Rising prices, slow LGU spending seen as threats to PHL growth outlook

Rising prices, slow LGU spending seen as threats to PHL growth outlook

RISING FOOD PRICES, a stronger-than-expected El Niño, sluggish local government spending and high interest rates are among the domestic threats to the Philippines’ growth target for next year, the Finance department said on Tuesday.

At a Palace briefing, Finance Secretary Benjamin E. Diokno said possible “elevated prices due to inadequate food supply” is a major domestic risk to the government’s 6.5%-8% gross domestic product (GDP) growth target for 2024.

He noted that a stronger-than-expected El Niño, which may last until June 2024, and the spread of highly infectious animal diseases could tighten food supply.

The “limited” absorptive capacity of local government units (LGU) and some government corporations is also a threat to the growth goal, he added.

Mr. Diokno also cited cooling pent-up demand and the impact of interest rate hikes as risks to the economic outlook.

The Bangko Sentral ng Pilipinas (BSP) has hiked borrowing costs by 450 basis points since May 2022 to tame inflation.

Headline inflation eased to a three-month low of 4.9% in October but exceeded the BSP’s 2-4% target for the 19th straight month. Year to date, inflation averaged 6.4%.

Mr. Diokno said the BSP expects inflation to ease to the 2-4% target range by the first quarter of 2024.

“It might increase again but it will end up at the midpoint between the 2-4% target range by 2024 and 2025,” he said. “That means inflation is going to be managed well. It will be within the target range for the next two years.”

Earlier this month, the BSP raised its baseline inflation forecast to 6% in 2023 (from 5.8% in September) and to 3.7% in 2024 (from 3.5%) but cut its 2025 inflation estimate to 3.2% (from 3.4%).

Despite the risks to the outlook, Mr. Diokno said the government is confident its 6.5%-8% growth target for 2024 to 2028 is achievable.

“What are we doing to do [to achieve] that? Number one, we should continue our anti-inflation drive because lower inflation means more purchasing power for consumers,” he said.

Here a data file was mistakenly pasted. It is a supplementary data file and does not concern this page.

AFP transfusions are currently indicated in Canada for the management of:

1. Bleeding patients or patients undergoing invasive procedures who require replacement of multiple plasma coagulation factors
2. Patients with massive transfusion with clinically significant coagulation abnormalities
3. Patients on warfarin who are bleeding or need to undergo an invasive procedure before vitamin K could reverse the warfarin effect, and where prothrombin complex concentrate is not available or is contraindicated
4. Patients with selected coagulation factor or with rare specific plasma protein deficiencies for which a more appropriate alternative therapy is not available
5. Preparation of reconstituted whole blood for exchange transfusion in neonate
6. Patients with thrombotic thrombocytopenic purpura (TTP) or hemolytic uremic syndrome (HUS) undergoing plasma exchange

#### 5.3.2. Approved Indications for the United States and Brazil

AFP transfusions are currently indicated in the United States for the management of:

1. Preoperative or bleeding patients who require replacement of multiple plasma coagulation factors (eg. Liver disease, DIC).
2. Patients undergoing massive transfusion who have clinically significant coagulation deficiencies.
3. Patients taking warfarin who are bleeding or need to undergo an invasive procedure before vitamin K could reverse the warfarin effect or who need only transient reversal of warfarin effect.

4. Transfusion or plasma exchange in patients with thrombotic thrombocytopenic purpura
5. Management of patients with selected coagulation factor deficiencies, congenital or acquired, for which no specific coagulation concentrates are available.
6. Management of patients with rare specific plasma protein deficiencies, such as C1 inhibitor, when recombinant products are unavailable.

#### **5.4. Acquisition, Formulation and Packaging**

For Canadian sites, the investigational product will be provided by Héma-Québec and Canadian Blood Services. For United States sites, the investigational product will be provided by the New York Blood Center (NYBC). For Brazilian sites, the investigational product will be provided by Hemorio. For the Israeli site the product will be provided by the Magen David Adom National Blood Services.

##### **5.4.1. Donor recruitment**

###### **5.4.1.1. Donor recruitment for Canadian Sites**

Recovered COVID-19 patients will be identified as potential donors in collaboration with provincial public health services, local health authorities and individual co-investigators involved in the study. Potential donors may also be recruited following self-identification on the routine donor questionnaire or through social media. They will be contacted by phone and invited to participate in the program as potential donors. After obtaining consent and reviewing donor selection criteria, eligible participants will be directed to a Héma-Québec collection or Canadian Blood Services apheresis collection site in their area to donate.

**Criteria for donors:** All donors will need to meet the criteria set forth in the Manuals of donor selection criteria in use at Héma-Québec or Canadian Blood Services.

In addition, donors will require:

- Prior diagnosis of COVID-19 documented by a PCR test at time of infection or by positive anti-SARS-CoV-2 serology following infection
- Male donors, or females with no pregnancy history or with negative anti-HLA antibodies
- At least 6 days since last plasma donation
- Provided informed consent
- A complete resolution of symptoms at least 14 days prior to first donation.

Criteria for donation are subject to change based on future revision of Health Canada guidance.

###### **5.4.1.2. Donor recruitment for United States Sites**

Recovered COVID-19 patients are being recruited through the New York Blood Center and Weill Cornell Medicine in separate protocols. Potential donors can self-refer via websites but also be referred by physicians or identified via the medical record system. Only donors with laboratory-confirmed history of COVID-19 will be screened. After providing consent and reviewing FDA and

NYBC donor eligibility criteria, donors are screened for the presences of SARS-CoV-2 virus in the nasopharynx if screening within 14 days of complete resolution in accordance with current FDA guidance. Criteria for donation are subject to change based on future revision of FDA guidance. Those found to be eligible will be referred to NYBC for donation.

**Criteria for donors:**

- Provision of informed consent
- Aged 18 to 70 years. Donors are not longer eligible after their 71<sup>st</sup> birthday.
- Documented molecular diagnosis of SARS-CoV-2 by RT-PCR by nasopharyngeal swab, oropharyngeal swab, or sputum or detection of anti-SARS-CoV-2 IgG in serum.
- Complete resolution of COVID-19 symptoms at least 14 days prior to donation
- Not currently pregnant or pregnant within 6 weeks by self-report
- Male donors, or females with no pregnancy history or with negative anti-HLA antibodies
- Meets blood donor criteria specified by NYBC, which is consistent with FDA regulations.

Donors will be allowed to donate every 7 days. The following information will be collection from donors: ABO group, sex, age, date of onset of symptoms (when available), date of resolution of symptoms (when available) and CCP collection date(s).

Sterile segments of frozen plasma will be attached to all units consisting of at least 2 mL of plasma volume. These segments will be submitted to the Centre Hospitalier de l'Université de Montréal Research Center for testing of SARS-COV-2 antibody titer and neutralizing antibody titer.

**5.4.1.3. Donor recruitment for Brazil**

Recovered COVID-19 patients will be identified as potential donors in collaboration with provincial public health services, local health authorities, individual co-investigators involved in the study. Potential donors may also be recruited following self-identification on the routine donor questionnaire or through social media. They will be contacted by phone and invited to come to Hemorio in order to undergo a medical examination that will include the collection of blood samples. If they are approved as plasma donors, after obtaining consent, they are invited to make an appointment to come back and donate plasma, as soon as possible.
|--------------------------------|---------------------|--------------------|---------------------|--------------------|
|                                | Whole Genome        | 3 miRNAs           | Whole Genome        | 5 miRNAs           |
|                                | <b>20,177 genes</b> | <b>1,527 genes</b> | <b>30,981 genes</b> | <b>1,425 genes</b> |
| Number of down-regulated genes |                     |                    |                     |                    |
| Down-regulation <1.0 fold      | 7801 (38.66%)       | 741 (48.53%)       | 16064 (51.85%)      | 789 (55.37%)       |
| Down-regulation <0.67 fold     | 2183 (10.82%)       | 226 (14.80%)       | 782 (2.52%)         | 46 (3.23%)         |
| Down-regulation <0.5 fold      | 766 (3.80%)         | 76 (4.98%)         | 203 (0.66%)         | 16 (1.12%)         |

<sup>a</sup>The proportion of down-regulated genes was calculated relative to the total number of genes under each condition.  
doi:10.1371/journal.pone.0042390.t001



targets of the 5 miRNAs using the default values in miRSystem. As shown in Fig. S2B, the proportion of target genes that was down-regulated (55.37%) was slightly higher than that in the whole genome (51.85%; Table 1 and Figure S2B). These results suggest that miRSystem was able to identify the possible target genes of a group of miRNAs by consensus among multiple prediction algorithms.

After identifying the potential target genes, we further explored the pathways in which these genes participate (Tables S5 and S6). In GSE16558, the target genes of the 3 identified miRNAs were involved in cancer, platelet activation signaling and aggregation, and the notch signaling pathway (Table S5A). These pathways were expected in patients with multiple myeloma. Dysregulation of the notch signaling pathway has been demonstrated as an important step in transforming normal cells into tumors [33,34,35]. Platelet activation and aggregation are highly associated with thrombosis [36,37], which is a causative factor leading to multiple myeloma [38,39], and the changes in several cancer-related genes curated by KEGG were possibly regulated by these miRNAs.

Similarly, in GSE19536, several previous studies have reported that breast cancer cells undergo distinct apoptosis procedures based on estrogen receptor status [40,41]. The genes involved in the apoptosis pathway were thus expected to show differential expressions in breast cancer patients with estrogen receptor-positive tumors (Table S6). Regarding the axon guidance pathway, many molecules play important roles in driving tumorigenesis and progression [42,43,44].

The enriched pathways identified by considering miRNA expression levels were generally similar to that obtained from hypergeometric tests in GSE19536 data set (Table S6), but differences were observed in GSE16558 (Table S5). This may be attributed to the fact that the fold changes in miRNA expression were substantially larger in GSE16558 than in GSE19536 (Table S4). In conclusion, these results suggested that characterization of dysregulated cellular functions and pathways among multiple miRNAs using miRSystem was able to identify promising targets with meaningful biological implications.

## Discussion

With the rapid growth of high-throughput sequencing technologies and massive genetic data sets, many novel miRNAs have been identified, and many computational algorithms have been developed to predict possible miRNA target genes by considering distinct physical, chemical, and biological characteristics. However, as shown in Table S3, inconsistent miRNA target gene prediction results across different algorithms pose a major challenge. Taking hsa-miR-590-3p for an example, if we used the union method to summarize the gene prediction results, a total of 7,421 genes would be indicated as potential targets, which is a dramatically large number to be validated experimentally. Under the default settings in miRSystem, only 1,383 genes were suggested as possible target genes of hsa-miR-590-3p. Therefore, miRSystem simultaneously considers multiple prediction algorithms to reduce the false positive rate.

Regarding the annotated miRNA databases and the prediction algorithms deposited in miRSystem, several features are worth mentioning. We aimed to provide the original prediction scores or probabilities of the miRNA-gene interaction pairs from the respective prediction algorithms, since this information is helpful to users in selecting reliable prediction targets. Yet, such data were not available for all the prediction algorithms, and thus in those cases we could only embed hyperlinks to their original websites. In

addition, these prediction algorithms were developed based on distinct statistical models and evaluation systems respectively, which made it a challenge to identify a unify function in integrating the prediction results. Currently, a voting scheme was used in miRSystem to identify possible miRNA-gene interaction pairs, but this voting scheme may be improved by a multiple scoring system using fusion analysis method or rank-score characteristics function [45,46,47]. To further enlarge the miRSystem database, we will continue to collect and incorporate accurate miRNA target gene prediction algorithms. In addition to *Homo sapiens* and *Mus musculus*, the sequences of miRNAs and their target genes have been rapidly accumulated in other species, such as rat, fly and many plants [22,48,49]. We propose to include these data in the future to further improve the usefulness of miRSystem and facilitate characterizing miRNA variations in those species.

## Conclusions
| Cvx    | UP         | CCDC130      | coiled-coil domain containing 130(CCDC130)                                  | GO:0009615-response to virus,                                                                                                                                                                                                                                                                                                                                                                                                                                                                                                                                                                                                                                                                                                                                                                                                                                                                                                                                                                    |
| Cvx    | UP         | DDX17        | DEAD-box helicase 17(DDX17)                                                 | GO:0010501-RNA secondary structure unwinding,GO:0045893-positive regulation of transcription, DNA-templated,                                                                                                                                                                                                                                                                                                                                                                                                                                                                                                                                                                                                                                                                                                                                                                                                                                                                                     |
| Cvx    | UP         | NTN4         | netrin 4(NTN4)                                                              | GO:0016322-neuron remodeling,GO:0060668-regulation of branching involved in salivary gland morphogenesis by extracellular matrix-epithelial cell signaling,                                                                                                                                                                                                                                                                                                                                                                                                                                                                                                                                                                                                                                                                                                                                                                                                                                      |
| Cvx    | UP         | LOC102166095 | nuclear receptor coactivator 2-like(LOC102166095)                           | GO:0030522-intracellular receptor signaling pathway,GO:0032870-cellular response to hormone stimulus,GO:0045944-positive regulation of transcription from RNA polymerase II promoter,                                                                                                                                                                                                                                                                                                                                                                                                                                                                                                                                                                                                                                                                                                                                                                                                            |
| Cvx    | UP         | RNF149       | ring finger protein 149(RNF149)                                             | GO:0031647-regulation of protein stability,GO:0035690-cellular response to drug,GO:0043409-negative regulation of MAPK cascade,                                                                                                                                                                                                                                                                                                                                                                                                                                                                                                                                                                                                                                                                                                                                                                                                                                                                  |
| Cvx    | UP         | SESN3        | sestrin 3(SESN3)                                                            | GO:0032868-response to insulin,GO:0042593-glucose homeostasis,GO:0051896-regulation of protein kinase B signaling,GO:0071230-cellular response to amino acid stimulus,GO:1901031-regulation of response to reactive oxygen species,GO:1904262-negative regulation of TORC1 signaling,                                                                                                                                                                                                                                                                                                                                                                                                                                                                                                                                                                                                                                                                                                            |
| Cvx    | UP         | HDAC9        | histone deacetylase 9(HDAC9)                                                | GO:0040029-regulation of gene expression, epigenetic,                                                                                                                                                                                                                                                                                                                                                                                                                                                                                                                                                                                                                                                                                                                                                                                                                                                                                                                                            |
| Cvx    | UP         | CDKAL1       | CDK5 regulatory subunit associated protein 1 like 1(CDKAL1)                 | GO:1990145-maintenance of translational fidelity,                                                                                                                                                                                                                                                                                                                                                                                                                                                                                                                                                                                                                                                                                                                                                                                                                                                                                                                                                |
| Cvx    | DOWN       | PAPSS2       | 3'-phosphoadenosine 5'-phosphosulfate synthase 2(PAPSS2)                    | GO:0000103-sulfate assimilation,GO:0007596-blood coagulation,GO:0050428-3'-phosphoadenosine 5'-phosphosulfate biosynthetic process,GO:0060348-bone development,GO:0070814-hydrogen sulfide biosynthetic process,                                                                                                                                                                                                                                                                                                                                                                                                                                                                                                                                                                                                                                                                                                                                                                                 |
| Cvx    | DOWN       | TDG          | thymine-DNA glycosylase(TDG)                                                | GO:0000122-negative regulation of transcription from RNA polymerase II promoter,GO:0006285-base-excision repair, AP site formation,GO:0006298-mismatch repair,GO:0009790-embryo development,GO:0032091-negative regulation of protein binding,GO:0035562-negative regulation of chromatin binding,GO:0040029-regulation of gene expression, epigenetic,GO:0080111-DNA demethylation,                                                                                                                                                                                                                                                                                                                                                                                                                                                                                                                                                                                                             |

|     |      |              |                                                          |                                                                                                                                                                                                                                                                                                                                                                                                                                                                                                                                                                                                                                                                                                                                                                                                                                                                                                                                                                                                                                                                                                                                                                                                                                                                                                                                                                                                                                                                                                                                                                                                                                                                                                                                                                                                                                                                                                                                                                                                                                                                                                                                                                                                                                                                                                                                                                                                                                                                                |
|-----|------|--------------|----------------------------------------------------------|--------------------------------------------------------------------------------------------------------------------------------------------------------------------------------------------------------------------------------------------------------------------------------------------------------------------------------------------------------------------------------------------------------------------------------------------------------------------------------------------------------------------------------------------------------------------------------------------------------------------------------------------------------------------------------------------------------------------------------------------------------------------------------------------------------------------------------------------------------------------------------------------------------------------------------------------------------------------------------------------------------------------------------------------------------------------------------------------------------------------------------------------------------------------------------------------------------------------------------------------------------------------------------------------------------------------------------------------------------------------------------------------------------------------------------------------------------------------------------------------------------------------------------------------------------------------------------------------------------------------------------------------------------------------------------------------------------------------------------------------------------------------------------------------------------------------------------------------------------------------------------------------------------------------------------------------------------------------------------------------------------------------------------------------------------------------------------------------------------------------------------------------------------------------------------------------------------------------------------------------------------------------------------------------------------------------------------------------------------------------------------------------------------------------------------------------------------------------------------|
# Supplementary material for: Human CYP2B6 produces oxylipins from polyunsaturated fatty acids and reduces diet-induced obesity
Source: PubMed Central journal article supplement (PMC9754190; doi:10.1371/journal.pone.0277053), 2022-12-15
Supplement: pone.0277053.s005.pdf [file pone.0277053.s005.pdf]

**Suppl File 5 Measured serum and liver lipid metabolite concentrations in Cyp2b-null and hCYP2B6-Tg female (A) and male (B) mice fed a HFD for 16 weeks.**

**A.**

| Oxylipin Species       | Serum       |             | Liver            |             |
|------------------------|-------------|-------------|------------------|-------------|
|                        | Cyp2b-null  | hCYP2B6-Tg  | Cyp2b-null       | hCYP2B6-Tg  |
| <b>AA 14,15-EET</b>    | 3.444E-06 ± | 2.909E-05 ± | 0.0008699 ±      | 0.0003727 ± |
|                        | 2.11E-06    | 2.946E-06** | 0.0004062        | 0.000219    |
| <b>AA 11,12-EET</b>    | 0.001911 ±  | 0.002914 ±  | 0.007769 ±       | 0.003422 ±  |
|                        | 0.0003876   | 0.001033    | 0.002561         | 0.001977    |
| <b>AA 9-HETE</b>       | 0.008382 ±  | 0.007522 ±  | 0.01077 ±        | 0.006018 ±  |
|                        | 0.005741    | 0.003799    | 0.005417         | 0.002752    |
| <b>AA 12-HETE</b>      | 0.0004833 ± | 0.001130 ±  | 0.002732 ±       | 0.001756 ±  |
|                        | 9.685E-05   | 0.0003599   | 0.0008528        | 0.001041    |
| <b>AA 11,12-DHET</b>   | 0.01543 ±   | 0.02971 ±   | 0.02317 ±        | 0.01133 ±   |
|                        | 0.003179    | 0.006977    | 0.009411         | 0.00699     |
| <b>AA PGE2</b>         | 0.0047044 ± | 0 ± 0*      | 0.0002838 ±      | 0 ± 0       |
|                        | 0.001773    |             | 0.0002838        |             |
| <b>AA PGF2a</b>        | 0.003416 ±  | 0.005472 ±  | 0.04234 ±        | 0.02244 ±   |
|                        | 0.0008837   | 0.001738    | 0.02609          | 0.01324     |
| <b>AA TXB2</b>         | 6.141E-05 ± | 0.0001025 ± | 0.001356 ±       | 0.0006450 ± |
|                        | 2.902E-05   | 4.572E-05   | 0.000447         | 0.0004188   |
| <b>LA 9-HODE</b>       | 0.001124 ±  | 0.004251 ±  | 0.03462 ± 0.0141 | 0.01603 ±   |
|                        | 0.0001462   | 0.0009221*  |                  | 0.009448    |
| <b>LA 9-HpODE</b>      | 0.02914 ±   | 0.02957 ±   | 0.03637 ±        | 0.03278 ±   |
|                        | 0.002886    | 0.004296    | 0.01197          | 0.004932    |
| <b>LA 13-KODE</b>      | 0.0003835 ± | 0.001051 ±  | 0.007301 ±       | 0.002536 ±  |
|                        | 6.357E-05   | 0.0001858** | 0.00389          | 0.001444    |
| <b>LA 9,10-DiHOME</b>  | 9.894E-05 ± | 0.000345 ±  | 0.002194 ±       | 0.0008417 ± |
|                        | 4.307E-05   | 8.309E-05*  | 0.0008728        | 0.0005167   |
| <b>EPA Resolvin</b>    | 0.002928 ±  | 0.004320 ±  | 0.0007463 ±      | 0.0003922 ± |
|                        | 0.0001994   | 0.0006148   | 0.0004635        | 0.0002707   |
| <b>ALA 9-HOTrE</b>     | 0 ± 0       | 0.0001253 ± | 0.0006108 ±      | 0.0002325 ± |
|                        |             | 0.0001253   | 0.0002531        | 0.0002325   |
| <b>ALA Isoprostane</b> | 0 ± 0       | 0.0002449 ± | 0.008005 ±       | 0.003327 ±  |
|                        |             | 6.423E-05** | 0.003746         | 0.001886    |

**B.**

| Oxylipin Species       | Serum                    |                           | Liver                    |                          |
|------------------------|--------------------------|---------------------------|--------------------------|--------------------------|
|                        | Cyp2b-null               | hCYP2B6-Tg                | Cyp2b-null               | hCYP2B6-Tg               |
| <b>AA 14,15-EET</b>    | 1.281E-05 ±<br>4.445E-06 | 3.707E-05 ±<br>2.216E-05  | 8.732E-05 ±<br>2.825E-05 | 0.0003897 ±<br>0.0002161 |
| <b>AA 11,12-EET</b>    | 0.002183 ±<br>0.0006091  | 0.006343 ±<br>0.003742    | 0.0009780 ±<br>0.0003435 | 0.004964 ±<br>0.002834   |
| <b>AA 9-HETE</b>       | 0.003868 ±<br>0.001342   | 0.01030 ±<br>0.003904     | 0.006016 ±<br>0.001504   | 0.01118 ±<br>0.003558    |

The Finance chief said the government will “rigorously implement government spending catch-up plans in the last quarter 2023 and avoid underspending in the first semester of 2024 through efficient budget execution.”

A recovery in government spending helped the economy grow by a faster-than-expected 5.9% in the third quarter.

For the first nine months, economic growth averaged 5.5%, still below the government’s 6-7% full-year target. The economy will need to grow by 7.2% in the fourth quarter to hit the low end of the government’s target.

Mr. Diokno pointed out the Philippines’ 5.5% GDP growth in the January-to-September period outpaced China’s 5.2%, and Indonesia’s 5.1%.

“If you can see, Asia is the fastest-growing region in the world; we are the fastest-growing economy in the fastest-growing region in the world,” he said.

Mr. Diokno said the economy also faces external risks such as geopolitical and trade tensions, a property crisis and the latest pneumonia outbreak in China, as well as a possible US recession.

Meanwhile, the Finance department continues to lobby for the extension of the reduced most-favored nation tariff rates for rice, corn, and pork under Executive Order (EO) No. 10. The lower tariff rates are in force until Dec. 31.

To address supply issues, the government is also considering the use of remote sensing technology such as satellites for corn and rice production, Mr. Diokno said. “Through the use of technology, the government will fast track the response to address the impact of adverse weather conditions and the implementation of the El Niño mitigation and adaptation plan.”

He said the government will continue to provide subsidies to vulnerable sectors such as farmers and transport workers.

“What is important is targeted intervention, targeted subsidy for those who will be affected by the inflation,” he said. “So, these are usually the farmers, the fisherfolks and the transport sector.”

At the same briefing, Mr. Diokno said the Philippines hopes to benefit from the relocation of major production activities of foreign manufacturers and other businesses from China, which has been beset by economic challenges including a property crisis that has shaken investor confidence.

Companies that have moved their supply chains out of China have chosen Vietnam and Indonesia, he noted. “Maybe, we will be included in that grouping,” he said, referring to the so-called VIP group.

Meanwhile, Mr. Diokno said it may be too early for the Philippines to adopt the 15% global minimum corporate tax being pushed by the Organisation for Economic Co-operation and Development (OECD).

“It’s too early to go to mid-15%. But that’s a good floor,” he said. “You will have to weigh whether you can really afford the 15% rate.”

Under the new rules pushed by the OECD, companies paying below 15% in a low-tax jurisdiction will face a top-up levy either in that jurisdiction or in their home country starting in 2024.

Albay Rep. Jose Ma. Clemente S. Salceda, House Ways and Means Committee chair, said proposed changes to the Corporate Recovery and Tax Incentives for Enterprises law should also consider the possible impact of the 15% global minimum corporate tax, which other countries have adopted.

Mr. Diokno said that in any event, an investor will go to a country not only because of the tax regime but also for the economic opportunities. — Kyle Aristophere T. Atienza